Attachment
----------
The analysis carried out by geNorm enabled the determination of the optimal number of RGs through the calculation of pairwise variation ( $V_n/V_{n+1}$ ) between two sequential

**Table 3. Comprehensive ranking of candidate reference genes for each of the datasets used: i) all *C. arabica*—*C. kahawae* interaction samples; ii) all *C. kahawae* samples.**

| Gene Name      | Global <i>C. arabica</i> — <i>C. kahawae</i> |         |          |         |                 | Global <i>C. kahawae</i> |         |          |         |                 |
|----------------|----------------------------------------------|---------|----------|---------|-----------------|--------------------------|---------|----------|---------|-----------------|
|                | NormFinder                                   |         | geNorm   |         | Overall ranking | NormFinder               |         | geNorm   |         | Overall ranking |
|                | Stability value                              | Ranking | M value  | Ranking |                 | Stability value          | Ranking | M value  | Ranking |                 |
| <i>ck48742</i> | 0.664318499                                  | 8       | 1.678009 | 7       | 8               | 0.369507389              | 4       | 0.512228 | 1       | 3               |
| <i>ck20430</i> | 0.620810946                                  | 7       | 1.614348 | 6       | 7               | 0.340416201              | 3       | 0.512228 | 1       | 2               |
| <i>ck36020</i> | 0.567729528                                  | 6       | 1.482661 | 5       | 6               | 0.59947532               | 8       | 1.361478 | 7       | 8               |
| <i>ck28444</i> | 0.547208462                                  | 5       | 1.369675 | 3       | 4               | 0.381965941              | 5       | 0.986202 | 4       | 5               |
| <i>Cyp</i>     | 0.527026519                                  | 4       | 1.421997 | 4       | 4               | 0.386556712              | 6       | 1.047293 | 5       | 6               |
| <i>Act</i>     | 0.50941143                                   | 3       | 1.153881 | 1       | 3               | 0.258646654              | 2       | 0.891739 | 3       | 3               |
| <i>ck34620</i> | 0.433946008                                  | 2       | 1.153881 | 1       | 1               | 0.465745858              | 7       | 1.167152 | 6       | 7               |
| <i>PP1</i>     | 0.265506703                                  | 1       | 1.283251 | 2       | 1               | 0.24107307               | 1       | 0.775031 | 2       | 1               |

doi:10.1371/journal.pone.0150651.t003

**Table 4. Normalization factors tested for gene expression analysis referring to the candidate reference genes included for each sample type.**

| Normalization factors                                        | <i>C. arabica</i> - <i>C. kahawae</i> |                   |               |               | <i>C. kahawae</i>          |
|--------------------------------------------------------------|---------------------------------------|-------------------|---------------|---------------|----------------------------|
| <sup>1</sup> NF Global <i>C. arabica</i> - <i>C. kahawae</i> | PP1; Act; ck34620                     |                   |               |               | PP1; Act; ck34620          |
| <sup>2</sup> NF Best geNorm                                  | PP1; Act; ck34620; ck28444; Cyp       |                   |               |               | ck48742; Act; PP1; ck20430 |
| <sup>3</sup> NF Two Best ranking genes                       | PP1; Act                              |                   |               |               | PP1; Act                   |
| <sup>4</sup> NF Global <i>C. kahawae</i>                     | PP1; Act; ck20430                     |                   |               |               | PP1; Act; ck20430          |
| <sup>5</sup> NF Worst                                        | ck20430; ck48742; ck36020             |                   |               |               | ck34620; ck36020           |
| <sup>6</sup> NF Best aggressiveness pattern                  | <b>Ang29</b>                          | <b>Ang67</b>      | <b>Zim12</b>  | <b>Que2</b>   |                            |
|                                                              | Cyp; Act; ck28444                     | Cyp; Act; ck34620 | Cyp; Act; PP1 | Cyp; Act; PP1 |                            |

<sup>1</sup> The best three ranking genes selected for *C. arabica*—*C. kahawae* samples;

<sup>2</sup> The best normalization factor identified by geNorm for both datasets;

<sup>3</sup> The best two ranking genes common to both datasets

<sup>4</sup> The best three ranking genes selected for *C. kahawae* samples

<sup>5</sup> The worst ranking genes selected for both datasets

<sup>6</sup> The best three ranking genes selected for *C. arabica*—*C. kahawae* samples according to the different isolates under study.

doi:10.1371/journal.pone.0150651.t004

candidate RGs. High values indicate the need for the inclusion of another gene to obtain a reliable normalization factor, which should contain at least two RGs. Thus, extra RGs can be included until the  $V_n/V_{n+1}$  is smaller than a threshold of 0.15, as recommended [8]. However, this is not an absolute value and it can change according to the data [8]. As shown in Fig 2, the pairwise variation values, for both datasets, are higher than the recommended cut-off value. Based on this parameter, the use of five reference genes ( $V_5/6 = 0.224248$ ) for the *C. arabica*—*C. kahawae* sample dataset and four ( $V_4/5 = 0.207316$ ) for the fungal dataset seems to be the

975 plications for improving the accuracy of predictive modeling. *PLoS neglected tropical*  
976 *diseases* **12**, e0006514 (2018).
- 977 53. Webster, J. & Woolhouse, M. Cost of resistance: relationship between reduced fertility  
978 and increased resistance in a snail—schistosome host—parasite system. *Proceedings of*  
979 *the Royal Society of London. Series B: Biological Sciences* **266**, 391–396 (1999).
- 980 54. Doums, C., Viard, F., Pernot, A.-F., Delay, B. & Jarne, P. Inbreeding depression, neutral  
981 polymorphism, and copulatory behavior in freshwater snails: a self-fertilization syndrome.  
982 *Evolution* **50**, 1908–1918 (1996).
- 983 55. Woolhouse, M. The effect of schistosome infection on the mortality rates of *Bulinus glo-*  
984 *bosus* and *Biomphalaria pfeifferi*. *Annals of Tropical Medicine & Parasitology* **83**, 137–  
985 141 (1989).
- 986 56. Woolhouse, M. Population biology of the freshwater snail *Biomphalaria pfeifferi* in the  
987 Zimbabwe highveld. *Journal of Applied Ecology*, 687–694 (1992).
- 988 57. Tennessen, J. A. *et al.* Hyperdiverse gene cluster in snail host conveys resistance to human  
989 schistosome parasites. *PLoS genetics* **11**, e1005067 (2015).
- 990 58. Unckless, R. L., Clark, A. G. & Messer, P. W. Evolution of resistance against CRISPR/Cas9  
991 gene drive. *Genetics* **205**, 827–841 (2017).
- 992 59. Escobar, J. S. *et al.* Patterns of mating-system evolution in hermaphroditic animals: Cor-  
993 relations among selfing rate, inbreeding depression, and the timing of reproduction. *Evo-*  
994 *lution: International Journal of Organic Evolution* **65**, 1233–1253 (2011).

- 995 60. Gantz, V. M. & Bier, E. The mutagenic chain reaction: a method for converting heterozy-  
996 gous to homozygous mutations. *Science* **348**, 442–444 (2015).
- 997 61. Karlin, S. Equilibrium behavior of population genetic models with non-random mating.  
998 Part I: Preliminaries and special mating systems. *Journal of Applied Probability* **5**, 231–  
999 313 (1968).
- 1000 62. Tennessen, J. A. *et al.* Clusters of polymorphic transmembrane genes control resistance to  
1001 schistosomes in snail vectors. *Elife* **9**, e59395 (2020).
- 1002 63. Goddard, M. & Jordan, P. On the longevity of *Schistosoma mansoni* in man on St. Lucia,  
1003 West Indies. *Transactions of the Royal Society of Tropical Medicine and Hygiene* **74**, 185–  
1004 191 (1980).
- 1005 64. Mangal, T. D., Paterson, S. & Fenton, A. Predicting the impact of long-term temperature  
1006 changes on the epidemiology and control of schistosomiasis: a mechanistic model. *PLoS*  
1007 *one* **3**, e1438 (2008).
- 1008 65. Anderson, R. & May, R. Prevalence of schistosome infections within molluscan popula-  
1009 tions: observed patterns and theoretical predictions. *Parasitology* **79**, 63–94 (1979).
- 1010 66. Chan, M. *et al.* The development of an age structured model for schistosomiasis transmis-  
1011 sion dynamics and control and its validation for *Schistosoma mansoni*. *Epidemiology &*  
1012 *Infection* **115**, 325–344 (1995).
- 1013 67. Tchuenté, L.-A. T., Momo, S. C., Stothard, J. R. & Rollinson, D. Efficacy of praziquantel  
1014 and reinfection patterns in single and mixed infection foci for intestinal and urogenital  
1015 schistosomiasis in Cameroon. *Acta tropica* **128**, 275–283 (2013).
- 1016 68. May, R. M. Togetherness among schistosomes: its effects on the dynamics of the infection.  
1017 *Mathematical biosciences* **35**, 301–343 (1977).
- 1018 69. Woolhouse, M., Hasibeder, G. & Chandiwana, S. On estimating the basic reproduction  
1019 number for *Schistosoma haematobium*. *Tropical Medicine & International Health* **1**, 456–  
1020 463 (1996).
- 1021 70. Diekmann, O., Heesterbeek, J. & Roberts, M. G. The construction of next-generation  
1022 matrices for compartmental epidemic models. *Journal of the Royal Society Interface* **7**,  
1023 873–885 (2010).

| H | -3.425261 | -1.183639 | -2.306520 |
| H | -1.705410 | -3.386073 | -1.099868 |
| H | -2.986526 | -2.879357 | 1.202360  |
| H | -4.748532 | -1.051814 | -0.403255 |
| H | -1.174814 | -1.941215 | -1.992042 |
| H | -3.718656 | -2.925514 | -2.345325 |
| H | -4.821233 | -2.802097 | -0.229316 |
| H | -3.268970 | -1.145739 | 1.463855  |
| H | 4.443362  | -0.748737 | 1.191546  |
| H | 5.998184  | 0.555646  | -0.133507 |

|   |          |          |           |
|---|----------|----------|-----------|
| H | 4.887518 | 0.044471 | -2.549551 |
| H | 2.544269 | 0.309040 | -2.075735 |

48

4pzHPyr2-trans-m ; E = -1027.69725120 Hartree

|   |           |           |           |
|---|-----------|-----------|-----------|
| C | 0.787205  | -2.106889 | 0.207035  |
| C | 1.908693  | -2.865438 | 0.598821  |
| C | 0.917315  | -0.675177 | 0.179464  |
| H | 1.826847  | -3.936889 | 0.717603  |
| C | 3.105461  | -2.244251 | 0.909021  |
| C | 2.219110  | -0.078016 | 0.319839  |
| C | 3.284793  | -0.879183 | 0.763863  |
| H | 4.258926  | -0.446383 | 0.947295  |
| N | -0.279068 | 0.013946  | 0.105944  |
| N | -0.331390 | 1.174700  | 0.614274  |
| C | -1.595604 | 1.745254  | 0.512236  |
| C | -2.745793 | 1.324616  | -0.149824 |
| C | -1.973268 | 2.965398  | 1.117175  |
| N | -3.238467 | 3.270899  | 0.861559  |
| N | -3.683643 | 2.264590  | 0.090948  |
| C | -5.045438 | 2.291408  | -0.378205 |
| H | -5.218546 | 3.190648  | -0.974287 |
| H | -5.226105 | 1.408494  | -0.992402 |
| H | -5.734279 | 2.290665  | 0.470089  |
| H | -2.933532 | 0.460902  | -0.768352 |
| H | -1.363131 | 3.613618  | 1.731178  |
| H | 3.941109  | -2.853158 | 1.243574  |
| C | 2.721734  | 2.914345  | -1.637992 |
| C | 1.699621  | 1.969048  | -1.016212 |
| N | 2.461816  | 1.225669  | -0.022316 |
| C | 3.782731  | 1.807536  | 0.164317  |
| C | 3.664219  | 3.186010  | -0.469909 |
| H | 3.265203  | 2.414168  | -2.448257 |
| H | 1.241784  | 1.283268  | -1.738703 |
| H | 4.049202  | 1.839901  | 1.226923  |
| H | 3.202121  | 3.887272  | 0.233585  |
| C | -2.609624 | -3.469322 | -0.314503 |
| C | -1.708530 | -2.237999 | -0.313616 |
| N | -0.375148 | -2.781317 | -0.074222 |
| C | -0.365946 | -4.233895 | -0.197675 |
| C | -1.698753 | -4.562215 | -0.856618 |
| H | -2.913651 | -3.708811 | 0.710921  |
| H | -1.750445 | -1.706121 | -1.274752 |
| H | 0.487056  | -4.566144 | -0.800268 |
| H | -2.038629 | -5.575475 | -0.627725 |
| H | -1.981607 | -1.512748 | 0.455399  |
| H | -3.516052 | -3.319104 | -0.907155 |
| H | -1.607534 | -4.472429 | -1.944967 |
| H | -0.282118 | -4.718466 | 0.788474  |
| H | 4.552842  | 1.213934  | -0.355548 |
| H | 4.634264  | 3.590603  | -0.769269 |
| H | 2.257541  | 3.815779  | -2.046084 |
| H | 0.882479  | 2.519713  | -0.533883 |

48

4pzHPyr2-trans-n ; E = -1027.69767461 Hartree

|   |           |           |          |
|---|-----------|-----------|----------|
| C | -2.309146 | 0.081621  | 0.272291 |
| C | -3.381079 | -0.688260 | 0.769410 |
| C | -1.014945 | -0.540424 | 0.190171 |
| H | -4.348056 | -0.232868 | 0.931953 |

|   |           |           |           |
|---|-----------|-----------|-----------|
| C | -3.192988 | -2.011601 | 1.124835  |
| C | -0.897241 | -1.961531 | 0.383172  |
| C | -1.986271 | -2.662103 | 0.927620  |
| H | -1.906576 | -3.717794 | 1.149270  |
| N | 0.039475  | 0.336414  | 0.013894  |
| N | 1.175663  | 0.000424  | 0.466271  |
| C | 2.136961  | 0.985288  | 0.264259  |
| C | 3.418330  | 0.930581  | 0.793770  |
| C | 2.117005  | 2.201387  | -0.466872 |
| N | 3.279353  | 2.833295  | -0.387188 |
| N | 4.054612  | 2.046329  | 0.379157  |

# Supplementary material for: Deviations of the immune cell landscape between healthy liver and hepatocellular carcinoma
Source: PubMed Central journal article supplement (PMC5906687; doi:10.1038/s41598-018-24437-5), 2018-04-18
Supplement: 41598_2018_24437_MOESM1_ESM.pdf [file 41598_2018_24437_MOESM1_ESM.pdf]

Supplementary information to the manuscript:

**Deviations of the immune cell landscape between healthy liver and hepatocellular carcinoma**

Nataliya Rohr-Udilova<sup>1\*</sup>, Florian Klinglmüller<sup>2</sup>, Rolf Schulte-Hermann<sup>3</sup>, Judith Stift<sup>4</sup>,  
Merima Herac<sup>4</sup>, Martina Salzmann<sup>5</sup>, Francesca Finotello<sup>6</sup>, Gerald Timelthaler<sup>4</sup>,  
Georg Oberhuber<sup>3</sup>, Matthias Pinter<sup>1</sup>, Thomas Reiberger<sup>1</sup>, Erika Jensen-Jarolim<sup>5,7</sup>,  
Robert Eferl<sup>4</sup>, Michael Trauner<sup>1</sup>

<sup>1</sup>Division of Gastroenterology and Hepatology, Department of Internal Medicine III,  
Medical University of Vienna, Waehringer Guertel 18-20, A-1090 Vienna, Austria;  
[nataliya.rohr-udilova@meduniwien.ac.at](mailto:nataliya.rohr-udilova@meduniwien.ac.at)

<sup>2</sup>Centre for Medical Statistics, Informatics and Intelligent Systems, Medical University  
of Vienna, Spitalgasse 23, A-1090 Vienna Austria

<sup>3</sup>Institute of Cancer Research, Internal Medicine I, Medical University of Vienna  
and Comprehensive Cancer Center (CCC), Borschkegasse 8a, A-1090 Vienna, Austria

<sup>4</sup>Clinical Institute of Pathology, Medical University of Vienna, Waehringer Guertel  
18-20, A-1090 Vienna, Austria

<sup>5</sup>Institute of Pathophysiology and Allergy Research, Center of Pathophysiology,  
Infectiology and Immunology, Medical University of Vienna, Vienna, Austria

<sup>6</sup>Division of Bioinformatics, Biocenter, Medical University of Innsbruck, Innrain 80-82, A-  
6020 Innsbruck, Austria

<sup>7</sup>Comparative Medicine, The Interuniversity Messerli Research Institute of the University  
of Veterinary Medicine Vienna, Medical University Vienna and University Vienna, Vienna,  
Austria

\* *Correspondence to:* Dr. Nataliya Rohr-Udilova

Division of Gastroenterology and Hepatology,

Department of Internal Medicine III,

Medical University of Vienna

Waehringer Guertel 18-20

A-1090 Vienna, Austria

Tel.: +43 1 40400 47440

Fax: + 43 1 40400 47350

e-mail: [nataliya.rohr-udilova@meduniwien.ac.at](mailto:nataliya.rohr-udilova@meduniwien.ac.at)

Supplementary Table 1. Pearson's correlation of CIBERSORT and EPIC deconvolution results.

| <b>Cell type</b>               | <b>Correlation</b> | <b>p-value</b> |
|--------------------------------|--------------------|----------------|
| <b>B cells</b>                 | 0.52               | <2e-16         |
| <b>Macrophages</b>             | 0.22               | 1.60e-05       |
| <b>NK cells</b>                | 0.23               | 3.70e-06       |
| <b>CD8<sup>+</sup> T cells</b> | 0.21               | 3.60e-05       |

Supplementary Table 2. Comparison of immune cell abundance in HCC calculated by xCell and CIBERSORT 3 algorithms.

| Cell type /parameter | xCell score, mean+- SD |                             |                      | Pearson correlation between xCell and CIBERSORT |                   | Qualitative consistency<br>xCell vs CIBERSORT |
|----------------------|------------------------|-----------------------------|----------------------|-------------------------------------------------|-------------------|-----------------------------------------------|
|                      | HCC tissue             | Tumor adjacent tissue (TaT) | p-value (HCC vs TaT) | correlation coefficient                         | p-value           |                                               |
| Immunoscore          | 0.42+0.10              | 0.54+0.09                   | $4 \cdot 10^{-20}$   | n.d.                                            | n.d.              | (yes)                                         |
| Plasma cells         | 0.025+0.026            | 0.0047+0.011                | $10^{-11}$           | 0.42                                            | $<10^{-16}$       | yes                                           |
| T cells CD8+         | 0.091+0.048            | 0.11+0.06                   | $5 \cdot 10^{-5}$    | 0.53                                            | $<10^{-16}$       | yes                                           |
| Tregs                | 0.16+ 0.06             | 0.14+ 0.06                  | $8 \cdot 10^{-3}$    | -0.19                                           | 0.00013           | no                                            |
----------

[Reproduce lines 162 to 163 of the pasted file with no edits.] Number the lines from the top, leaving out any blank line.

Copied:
| H | -1.906576 | -3.717794 | 1.149270  |
| N | 0.039475  | 0.336414  | 0.013894  |